What Is Closed Captioning? (+How It Works)

Tricia Dempsey
Tricia Dempsey  |  March 22, 2019

One of my biggest pet peeves while watching a movie at home is the constant need to monitor the volume buttons.

Playing a movie with inexplicably loud explosions littered with intimate whisper scenes is a gamble in an apartment with thin walls. To save the sanity of my neighbors, I’ve developed a habit of turning on closed captioning. This way, explosions are at a reasonable volume and whispers aren’t missed.

What is closed captioning?

Before we deep dive into the granular details of closed captioning, let's go over the basic definition.

Using closed captioning made me realize something: I’ve been missing a lot of nuanced moments in films and television shows. Little details that I regularly missed, like whispers and context behind body language, are given an added immersion to the experience with closed captioning.

closed caption example

Closed captioning may be a delightful perk for someone like me, but it’s a necessity for many of the approximately 37.5 million people that are deaf or hard of hearing. Additionally, in the U.S., the FCC (Federal Communications Commission) requires television broadcasts to implement closed captioning by law, and requires the provided captions to be accurate, synchronous, complete and properly placed upon the screen for optimal viewing purposes.

Now that you know what closed captioning is, I’ll walk you through the details of closed captioning, its impact on media and who benefits from closed captioning.

How does closed captioning work?

Picture yourself watching the Super Bowl. While the game itself is largely visual, deeper comprehension of what’s going on relies on the help of commentators, referees and reporters. Of course, one can get a pretty good sense of the basics, like which team is winning and which plays are being run, by just watching the game. But those that are hard of hearing or can’t hear the audio for other reasons miss out on strategy discussions, referee decision context and other nuances involved. This is where closed captioning comes into play.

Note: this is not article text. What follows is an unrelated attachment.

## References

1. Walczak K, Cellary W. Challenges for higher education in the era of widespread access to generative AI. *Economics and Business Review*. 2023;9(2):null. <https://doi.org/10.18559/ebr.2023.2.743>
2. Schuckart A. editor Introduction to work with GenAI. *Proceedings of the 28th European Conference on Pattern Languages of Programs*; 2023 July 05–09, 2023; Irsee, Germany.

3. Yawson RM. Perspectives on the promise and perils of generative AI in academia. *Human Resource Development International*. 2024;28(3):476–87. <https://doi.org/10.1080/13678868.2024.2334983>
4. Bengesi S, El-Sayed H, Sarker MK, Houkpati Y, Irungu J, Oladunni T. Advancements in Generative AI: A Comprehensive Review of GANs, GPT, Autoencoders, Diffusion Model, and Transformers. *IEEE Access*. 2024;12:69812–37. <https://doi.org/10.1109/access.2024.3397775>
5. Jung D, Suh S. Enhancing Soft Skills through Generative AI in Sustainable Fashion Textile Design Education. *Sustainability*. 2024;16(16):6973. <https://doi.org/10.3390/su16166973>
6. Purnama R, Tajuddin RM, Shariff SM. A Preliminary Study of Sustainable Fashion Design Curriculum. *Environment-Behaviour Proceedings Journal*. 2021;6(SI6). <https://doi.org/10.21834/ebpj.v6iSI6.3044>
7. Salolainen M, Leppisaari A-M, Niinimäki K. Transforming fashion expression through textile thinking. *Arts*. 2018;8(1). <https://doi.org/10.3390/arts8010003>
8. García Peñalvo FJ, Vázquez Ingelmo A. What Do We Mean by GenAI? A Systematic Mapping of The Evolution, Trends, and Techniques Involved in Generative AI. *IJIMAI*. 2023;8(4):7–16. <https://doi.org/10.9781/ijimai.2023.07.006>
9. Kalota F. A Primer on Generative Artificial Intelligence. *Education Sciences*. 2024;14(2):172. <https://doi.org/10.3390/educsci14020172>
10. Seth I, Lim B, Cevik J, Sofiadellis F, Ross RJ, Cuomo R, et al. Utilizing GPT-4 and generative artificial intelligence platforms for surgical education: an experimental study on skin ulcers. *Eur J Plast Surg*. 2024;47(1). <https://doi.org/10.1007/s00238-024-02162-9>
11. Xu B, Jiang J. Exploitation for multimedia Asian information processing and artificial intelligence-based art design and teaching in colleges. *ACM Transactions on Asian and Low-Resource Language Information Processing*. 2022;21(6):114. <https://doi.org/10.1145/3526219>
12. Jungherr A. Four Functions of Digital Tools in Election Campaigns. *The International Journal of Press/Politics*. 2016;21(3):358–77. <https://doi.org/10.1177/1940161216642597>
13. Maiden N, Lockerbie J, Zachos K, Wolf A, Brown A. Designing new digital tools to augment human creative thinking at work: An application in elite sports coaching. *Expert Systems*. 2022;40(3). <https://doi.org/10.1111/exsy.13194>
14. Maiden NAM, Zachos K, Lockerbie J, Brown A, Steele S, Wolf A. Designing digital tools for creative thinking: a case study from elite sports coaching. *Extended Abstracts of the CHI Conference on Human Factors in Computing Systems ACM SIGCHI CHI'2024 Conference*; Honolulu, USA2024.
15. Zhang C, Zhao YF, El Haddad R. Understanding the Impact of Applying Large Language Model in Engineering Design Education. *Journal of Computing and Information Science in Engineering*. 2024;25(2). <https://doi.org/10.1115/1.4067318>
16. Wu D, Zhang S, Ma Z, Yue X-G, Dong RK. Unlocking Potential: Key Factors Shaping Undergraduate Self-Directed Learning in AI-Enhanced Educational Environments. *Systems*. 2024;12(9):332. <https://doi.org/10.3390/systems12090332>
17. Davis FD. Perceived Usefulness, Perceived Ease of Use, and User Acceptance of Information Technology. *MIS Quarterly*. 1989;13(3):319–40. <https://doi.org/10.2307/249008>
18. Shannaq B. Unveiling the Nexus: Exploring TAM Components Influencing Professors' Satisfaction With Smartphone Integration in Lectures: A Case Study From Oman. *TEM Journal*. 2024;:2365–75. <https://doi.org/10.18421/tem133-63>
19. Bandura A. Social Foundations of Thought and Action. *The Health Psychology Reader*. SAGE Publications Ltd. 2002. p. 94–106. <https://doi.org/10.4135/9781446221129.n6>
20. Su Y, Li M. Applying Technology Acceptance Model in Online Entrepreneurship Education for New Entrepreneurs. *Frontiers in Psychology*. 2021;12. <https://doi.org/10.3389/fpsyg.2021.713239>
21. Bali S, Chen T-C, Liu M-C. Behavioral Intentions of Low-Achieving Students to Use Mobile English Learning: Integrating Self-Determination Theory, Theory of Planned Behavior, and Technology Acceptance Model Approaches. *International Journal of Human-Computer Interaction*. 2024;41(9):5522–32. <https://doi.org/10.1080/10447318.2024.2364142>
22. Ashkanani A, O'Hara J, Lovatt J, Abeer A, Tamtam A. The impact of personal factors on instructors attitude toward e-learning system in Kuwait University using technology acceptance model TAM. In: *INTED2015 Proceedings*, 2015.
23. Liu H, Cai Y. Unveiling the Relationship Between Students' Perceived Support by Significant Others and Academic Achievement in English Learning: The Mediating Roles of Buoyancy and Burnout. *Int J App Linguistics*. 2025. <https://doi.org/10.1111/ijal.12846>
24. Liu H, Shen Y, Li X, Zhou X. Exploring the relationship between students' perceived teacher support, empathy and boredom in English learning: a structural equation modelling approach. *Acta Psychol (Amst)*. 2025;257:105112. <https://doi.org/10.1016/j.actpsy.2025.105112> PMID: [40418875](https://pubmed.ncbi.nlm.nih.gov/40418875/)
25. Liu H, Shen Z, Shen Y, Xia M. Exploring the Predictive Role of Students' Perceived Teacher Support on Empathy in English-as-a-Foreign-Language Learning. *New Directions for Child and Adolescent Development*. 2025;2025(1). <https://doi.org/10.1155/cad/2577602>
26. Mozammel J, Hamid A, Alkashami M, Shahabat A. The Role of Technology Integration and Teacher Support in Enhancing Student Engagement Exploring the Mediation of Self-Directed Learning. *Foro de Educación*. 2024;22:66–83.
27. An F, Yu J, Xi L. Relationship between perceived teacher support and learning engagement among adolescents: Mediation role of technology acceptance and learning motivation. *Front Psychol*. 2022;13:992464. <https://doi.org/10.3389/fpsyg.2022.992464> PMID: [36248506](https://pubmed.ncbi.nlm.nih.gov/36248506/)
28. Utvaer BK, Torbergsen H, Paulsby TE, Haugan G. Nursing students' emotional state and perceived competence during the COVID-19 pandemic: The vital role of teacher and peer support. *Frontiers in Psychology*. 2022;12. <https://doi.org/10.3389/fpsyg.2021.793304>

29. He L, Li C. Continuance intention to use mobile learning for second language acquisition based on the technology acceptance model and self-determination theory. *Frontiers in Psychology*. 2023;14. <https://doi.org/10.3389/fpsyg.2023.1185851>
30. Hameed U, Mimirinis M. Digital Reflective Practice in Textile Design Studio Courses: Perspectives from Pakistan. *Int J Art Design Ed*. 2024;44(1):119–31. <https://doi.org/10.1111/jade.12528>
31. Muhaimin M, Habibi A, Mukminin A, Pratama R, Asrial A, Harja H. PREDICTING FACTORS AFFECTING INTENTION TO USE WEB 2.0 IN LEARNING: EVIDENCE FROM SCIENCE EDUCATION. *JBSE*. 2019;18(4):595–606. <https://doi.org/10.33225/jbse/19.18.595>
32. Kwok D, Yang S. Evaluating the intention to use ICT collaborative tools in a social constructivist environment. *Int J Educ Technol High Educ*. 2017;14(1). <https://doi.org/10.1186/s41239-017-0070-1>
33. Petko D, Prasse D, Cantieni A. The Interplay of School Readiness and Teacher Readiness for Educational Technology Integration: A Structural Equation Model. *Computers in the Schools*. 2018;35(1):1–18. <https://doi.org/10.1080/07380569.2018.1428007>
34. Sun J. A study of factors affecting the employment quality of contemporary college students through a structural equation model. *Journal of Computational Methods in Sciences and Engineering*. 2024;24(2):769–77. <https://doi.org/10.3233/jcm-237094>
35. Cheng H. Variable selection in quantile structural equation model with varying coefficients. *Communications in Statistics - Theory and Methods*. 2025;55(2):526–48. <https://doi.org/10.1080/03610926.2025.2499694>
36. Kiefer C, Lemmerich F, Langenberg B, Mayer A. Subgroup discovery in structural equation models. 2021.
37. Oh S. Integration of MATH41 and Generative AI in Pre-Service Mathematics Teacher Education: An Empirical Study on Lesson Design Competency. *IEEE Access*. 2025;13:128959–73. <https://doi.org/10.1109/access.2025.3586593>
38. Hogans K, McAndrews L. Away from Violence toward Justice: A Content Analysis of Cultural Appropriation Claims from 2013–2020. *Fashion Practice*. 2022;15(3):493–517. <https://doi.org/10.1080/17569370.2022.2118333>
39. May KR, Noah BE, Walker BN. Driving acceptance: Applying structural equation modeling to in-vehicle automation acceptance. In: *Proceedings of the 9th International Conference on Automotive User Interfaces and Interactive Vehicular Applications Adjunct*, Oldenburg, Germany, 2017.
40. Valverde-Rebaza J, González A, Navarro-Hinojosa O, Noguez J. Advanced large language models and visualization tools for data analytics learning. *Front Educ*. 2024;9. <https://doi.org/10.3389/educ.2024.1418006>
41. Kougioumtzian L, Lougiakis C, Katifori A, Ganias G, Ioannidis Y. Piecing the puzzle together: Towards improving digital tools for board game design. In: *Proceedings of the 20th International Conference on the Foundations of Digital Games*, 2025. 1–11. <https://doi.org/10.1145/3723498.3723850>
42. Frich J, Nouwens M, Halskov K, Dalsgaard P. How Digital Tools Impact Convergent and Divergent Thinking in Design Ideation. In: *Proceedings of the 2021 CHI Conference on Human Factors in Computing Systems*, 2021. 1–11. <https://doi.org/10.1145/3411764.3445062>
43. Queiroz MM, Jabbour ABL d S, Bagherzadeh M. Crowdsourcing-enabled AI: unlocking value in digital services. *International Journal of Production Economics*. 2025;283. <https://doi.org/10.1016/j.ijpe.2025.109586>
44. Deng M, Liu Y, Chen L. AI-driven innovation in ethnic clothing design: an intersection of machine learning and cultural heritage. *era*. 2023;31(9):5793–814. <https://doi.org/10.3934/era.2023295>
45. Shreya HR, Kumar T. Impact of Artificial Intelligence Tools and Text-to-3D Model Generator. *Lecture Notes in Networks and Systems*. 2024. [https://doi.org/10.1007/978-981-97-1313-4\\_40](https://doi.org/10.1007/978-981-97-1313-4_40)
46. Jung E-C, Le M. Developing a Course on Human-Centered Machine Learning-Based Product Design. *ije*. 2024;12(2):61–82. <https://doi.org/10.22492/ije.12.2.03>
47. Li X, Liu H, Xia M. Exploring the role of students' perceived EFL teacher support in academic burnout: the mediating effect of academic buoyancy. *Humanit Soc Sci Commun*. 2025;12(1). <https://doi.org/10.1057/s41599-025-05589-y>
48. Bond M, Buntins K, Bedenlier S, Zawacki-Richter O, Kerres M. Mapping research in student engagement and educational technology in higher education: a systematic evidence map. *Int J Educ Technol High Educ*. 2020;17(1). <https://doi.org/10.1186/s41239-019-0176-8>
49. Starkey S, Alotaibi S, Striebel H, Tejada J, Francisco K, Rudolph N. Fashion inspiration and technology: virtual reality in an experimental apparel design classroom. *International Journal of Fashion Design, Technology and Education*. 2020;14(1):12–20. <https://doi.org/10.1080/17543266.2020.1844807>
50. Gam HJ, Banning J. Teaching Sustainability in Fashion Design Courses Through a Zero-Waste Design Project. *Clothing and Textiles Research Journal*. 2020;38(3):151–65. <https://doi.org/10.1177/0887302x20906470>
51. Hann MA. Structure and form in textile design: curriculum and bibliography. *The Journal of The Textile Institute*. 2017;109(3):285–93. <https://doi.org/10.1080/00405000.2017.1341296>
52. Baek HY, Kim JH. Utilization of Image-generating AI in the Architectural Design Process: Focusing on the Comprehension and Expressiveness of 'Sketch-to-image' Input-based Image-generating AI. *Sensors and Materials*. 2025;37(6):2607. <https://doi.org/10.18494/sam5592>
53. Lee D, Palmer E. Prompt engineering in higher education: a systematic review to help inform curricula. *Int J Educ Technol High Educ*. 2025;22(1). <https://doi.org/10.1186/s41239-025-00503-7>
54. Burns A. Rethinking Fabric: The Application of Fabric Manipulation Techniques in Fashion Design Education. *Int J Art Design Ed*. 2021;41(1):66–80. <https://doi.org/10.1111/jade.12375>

Closed captioning can usually be toggled on or off via your television’s remote. Once toggled on, closed captions start scrolling on the screen with subtitles of the dialogue and contextual background sounds, giving the viewer full comprehension of the content without the need for audio.

You may be wondering: Where are the captions coming from? They certainly don’t appear out of thin air. Some of the ways captions appear on the screen include: 

Television set decoder

This method uses a decoder installed in most modern televisions. These decoders automatically populate captions for broadcasts that do not already have captions implemented. One drawback to decoder captioning is the accuracy of the captions, which are unfortunately prone to errors.

Closed captioning services/in-house captioners

With the help of closed captioning services or in-house captioners, broadcast networks can pre-implement captions on television shows. Even live shows are capable of including integrated and accurate captions. For live shows, closed captioning services providers receive the dialogue and relevant contextual background sounds a few seconds before it goes live on the air, giving the human captioners time to provide accurate transcriptions. For broadcasts that are not live, captioners provide transcripted audio captions far in advance of live airing. This method is used for YouTube videos, streaming services, television commercials and other types of video media.